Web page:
Illinois Bond Spreads Explode As Market Pukes On Latest Batch Of Bad News

Tyler Durden's picture

On June 1, first S&P the Moody's almost concurrently downgraded Illinois to the lowest non-Junk rating, BB+/Baa3 respectively, with both rating agencies warning that the ongoing legislative gridlock and budget crisis need to be resolved, or else Illinois will be the first ever US state downgraded to junk status.

S&P analyst Gabriel Petek explicitly warned that "the unrelenting political brinkmanship now poses a threat to the timely payment of the state’s core priority payments" and warned about Illinois' inability to pass a budget for the past two years amid a clash between the Democrat-run legislature and Republican Governor Bruce Rauner. As we have documented previously, the ongoing confrontation has left the fifth most-populous US state with a record $14.5 billion of unpaid bills, ravaged entities like universities and social service providers that rely on state aid and undermined Illinois’s standing in the bond market, where investors have demanded higher premiums for the risk of owning its debt.

Bypassing its traditional 90-day review, a terse S&P also warned that Illinois will likely be downgraded around July 1, when the new fiscal year begins if leaders haven’t agreed on a budget that starts addressing the state’s chronic deficits.

Unfortunately for Illinois, and its bondholders, the downgrade - and the subsequent imminent "junking" - was just the tip of the iceberg.

As Bank of America wrote in its latest muni market report, among the $14.7bn backlog of bills (as of 5 June) to be paid by the state of Illinois due to the protracted budget impasse is some $2bn-plus in Medicaid-related payments owed to the private insurers the state contracted with to manage roughly two-thirds of its Medicaid recipients. Those payments amount to some $300mn per month. A number of private insurers have sued in U.S. District Court for the Northern District of Illinois to prioritize their payments over those due to other vendors.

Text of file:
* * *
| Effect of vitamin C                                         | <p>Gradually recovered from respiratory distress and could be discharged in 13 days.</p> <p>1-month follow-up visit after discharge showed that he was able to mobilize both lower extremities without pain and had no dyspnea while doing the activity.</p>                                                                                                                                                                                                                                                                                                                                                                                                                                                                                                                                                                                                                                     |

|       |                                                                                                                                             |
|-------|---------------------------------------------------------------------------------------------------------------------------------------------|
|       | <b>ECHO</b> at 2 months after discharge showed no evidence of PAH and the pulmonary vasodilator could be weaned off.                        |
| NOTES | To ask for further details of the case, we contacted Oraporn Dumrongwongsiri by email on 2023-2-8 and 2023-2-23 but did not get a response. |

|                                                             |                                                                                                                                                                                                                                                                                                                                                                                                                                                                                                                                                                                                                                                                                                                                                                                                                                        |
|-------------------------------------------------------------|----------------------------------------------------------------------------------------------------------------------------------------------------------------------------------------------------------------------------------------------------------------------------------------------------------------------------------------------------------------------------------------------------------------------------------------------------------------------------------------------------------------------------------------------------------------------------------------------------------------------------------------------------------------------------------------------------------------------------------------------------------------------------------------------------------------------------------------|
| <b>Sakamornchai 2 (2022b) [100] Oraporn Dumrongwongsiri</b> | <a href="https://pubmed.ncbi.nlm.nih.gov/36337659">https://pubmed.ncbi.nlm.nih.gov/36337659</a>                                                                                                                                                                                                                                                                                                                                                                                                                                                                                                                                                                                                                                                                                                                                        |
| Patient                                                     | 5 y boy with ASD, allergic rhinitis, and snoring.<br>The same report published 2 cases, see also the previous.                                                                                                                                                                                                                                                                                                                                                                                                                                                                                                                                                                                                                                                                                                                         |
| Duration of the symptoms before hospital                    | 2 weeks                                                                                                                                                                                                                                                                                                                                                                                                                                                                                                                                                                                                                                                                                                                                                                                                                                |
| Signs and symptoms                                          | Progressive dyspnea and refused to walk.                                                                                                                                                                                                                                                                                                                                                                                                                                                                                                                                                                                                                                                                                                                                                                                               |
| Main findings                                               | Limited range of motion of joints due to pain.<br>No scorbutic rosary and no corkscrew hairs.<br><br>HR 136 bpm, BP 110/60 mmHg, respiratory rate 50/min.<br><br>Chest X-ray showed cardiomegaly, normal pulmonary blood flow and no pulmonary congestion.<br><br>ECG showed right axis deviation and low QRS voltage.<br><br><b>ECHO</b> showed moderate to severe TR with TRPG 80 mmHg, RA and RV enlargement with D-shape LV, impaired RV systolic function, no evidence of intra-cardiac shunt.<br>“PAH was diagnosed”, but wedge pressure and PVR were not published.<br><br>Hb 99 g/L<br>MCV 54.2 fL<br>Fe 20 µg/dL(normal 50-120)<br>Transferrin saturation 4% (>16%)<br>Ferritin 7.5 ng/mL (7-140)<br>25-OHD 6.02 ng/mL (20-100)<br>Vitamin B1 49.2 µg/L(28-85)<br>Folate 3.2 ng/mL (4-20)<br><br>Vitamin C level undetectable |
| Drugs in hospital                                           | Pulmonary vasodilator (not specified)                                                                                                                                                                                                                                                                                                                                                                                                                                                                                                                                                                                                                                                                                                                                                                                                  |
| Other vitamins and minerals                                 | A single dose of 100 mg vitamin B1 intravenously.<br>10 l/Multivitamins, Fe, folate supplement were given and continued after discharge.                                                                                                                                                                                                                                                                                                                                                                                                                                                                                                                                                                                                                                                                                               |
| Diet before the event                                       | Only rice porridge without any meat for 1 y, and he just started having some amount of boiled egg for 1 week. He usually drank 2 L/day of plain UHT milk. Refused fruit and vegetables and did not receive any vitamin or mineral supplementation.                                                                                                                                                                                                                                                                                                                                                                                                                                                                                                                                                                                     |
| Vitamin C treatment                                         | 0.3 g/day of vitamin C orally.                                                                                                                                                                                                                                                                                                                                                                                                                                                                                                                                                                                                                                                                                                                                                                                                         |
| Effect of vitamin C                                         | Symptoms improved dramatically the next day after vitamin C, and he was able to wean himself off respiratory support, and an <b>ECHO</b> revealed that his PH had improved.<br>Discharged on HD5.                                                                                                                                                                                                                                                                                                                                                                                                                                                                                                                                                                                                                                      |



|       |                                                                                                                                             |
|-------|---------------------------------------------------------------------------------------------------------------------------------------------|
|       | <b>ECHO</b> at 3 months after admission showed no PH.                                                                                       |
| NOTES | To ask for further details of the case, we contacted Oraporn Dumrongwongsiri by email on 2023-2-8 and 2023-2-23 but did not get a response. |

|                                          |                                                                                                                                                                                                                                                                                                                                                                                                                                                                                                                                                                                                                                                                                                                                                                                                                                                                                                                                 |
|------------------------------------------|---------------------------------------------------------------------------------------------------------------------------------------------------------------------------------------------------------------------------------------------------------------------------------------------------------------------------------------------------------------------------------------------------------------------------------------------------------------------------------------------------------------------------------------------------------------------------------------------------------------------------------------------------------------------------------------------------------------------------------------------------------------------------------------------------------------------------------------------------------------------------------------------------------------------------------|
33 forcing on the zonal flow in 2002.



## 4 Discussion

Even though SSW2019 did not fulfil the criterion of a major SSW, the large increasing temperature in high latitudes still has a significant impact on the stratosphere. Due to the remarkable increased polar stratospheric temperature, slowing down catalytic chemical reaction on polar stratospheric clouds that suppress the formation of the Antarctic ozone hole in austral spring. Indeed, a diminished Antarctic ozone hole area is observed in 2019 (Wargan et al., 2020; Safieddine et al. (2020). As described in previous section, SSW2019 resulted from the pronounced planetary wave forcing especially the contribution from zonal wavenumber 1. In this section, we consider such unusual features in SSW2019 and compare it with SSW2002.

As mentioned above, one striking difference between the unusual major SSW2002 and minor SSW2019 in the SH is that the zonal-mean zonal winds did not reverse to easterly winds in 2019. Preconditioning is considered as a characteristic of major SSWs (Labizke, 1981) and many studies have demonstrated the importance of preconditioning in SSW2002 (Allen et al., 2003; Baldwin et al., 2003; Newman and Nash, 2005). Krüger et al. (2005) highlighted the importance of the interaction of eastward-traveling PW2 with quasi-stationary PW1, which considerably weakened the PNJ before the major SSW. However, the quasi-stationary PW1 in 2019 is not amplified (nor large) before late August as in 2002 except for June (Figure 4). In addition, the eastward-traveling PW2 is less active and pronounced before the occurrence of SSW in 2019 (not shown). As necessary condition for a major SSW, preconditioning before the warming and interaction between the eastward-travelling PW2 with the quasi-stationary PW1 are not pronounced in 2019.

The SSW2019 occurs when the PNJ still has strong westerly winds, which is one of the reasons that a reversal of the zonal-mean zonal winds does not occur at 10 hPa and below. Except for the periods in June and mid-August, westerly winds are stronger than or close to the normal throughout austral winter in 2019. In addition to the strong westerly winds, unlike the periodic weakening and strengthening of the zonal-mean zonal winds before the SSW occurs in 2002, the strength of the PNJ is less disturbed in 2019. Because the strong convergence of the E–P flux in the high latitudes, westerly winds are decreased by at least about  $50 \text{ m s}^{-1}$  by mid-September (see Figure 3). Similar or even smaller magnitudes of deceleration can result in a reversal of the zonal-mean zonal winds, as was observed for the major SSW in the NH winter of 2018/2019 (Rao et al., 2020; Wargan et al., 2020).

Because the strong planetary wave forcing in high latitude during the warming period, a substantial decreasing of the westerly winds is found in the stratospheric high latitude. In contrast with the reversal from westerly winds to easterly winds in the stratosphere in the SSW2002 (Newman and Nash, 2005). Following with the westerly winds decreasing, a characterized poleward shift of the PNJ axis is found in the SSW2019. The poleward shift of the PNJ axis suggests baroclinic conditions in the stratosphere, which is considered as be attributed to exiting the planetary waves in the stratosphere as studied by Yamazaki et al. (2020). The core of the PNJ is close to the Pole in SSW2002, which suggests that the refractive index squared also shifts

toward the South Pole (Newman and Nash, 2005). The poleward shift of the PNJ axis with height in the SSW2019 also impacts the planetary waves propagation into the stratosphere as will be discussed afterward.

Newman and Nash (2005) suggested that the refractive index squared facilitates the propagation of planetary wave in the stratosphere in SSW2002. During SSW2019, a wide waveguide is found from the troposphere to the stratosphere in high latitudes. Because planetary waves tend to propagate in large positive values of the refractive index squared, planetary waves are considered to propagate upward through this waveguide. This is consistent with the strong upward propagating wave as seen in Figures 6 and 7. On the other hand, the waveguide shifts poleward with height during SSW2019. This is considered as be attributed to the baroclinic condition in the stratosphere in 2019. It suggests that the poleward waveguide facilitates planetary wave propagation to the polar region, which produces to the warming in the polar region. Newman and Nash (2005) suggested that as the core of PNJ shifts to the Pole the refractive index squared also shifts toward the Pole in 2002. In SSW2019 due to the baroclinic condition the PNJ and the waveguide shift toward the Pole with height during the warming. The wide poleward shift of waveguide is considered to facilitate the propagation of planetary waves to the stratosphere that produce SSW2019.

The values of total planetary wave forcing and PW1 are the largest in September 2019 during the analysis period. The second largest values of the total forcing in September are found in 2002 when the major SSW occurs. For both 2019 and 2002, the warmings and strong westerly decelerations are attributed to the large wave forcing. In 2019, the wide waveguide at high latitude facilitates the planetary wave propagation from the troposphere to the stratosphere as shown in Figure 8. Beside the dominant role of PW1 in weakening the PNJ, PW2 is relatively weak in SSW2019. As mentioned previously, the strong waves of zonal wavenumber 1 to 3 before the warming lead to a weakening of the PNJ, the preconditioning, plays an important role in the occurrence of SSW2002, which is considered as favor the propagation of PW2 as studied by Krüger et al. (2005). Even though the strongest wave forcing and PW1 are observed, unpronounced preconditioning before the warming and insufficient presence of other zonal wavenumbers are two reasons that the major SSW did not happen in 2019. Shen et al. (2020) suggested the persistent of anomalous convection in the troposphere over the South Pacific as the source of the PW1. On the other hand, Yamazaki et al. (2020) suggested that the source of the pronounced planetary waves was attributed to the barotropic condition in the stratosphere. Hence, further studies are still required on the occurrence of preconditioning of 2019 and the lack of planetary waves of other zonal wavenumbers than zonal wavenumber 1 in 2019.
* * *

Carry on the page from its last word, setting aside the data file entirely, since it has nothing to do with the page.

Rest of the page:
Then last Wednesday, following the Illinois downgrades, the court ruled against the state. The judge ordered the parties to "continue to negotiate to achieve substantial compliance with the consent decrees in these cases. If they cannot reach a negotiated solution, either party may make an appropriate motion, to be noticed for presentment on June 20, 2017."

The day before the court ruled, the state submitted a filing with the Court, arguing that should the court prioritize those payments - effectively making them on par with so-called "core payments" which include debt service - it could trigger another downgrade from the rating agencies. Indeed, included in Moody's downgrade report under the headline "Factors that could lead to a downgrade," Moody's points to "[c]ourt rulings that increase the volume of payment obligations that are legally prioritized."

The state asked the court in that filing that, if it were to rule against the state and prioritize those Medicaid payments, that it make its order effective 1 July, requesting so for two reasons:

  • It "likely will avoid an immediate downgrade and also would send a message to the Illinois General Assembly and Governor that they have until June 30 to resolve the State's budget impasse and avoid the consequences of the Court's order. If the budget impasse is not resolved by July 1, that fact alone likely will lead to a rating downgrade, regardless of the effective date of the Court's order."
  • It "will give Defendants some additional time to determine how to comply with the Court's order."

Additionally, the Illinois Comptroller warned against an adverse ruling, saying the state would "have to go to the courts and ask them: 'OK, out of all of these court-mandated payments, which ones am I allowed to violate?'"